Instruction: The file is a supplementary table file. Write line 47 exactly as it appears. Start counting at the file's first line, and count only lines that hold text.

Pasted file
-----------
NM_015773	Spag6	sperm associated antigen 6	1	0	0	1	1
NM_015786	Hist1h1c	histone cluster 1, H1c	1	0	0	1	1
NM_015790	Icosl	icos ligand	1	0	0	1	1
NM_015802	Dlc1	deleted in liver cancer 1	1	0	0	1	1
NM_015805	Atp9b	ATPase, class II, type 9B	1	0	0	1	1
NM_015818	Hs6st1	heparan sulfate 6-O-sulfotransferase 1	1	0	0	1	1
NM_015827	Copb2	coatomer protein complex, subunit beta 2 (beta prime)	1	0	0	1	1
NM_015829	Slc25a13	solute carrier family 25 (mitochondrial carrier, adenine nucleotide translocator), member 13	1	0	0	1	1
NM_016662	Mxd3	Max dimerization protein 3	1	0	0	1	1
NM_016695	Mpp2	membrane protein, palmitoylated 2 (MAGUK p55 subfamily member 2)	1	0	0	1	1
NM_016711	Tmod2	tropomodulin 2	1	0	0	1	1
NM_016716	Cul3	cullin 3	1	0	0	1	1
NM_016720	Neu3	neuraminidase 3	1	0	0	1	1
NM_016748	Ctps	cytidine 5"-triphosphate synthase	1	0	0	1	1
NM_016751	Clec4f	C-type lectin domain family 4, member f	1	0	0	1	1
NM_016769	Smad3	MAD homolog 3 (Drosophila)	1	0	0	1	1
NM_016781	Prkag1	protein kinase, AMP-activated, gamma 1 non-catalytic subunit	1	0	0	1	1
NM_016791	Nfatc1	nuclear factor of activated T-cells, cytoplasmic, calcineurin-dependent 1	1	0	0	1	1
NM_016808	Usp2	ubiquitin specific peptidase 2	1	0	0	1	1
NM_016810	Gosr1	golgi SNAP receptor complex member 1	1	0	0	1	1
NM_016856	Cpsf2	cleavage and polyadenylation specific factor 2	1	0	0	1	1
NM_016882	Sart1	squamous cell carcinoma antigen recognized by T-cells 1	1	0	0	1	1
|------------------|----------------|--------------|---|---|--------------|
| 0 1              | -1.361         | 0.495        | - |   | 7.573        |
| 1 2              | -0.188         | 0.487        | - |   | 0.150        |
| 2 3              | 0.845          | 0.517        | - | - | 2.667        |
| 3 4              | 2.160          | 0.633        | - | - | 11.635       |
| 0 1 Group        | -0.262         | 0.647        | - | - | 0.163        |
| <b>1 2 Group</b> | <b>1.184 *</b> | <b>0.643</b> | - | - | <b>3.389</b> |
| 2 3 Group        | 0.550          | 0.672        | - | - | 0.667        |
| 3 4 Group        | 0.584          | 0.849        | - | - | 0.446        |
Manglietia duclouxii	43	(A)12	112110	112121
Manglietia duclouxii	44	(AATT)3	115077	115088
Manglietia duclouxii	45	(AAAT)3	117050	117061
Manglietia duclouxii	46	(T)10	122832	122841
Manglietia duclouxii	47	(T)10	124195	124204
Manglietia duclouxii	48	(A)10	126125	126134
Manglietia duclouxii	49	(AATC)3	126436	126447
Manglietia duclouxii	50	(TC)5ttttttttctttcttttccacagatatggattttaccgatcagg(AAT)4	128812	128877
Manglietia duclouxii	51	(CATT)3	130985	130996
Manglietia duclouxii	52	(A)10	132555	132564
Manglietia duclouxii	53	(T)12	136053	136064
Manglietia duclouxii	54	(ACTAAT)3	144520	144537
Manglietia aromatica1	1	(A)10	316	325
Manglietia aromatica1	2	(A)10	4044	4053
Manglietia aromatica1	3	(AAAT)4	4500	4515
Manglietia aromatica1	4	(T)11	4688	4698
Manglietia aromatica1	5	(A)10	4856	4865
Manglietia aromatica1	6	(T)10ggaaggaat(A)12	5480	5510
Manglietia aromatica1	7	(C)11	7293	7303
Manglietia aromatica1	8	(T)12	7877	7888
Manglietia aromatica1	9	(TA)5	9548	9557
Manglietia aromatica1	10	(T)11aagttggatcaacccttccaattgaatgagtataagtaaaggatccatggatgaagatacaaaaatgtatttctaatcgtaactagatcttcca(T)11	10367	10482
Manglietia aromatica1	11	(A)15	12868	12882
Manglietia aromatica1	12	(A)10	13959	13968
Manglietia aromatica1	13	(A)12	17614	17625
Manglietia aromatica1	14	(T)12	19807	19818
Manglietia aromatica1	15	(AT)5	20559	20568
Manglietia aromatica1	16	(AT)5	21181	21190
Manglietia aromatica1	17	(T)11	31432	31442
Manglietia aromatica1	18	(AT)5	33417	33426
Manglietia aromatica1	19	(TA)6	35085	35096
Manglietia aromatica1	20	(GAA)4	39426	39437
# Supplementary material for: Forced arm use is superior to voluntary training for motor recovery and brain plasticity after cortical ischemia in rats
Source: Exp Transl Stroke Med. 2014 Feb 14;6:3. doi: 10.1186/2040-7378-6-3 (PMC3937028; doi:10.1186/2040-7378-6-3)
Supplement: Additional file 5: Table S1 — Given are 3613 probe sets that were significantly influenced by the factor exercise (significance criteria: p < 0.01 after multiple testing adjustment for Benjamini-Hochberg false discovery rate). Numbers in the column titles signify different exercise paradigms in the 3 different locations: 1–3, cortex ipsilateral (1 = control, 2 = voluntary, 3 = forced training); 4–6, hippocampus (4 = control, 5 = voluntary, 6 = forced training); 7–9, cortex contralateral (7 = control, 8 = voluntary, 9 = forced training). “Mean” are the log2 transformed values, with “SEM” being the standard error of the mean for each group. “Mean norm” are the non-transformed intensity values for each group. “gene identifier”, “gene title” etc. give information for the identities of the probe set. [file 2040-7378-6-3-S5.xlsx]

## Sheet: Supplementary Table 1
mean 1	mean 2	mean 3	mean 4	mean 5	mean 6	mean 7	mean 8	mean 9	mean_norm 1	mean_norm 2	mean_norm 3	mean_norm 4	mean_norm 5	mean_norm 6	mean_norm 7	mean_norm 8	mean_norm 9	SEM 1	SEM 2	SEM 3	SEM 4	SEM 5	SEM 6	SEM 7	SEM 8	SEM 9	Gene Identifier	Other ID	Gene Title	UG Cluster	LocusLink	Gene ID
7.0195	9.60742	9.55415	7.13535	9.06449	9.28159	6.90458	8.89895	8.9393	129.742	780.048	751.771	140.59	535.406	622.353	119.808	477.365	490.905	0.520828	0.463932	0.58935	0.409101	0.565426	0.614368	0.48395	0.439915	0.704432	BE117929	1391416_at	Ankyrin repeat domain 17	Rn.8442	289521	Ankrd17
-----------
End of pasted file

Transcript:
Manglietia aromatica1	4	(T)11	4688	4698